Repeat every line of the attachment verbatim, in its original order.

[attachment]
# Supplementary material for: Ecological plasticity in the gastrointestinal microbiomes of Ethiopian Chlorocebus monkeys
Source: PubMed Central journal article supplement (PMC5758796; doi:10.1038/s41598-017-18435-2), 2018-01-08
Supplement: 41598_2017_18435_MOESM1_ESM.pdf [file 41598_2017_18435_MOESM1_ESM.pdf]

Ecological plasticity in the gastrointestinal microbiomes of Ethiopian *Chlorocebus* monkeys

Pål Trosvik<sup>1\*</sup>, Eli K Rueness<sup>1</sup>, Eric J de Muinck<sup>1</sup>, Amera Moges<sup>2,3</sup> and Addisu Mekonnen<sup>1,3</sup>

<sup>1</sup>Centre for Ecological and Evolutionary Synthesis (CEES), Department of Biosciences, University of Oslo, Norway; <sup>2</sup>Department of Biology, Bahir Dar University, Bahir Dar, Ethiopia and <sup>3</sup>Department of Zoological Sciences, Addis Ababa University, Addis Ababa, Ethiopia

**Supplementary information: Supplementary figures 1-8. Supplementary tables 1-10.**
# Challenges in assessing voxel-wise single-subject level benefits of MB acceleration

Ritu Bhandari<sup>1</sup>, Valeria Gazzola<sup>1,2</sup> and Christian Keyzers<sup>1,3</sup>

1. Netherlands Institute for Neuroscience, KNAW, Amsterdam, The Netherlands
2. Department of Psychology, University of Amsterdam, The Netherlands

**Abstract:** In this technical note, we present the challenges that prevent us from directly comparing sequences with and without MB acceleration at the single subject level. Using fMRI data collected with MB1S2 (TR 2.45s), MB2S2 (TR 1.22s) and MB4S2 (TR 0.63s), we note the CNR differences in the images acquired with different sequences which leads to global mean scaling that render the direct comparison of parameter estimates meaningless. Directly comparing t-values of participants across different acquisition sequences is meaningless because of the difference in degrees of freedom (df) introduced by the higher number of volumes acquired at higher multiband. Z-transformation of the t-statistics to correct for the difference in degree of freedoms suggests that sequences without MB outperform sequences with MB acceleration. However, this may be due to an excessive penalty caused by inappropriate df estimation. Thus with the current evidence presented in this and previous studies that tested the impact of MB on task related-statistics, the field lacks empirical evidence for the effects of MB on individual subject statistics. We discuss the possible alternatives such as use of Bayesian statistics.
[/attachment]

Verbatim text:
# Supplementary material for: Ecological plasticity in the gastrointestinal microbiomes of Ethiopian Chlorocebus monkeys
Source: PubMed Central journal article supplement (PMC5758796; doi:10.1038/s41598-017-18435-2), 2018-01-08
Supplement: 41598_2017_18435_MOESM1_ESM.pdf [file 41598_2017_18435_MOESM1_ESM.pdf]

Ecological plasticity in the gastrointestinal microbiomes of Ethiopian *Chlorocebus* monkeys

Pål Trosvik<sup>1\*</sup>, Eli K Rueness<sup>1</sup>, Eric J de Muinck<sup>1</sup>, Amera Moges<sup>2,3</sup> and Addisu Mekonnen<sup>1,3</sup>

<sup>1</sup>Centre for Ecological and Evolutionary Synthesis (CEES), Department of Biosciences, University of Oslo, Norway; <sup>2</sup>Department of Biology, Bahir Dar University, Bahir Dar, Ethiopia and <sup>3</sup>Department of Zoological Sciences, Addis Ababa University, Addis Ababa, Ethiopia

**Supplementary information: Supplementary figures 1-8. Supplementary tables 1-10.**
# Challenges in assessing voxel-wise single-subject level benefits of MB acceleration

Ritu Bhandari<sup>1</sup>, Valeria Gazzola<sup>1,2</sup> and Christian Keyzers<sup>1,3</sup>

1. Netherlands Institute for Neuroscience, KNAW, Amsterdam, The Netherlands
2. Department of Psychology, University of Amsterdam, The Netherlands

**Abstract:** In this technical note, we present the challenges that prevent us from directly comparing sequences with and without MB acceleration at the single subject level. Using fMRI data collected with MB1S2 (TR 2.45s), MB2S2 (TR 1.22s) and MB4S2 (TR 0.63s), we note the CNR differences in the images acquired with different sequences which leads to global mean scaling that render the direct comparison of parameter estimates meaningless. Directly comparing t-values of participants across different acquisition sequences is meaningless because of the difference in degrees of freedom (df) introduced by the higher number of volumes acquired at higher multiband. Z-transformation of the t-statistics to correct for the difference in degree of freedoms suggests that sequences without MB outperform sequences with MB acceleration. However, this may be due to an excessive penalty caused by inappropriate df estimation. Thus with the current evidence presented in this and previous studies that tested the impact of MB on task related-statistics, the field lacks empirical evidence for the effects of MB on individual subject statistics. We discuss the possible alternatives such as use of Bayesian statistics.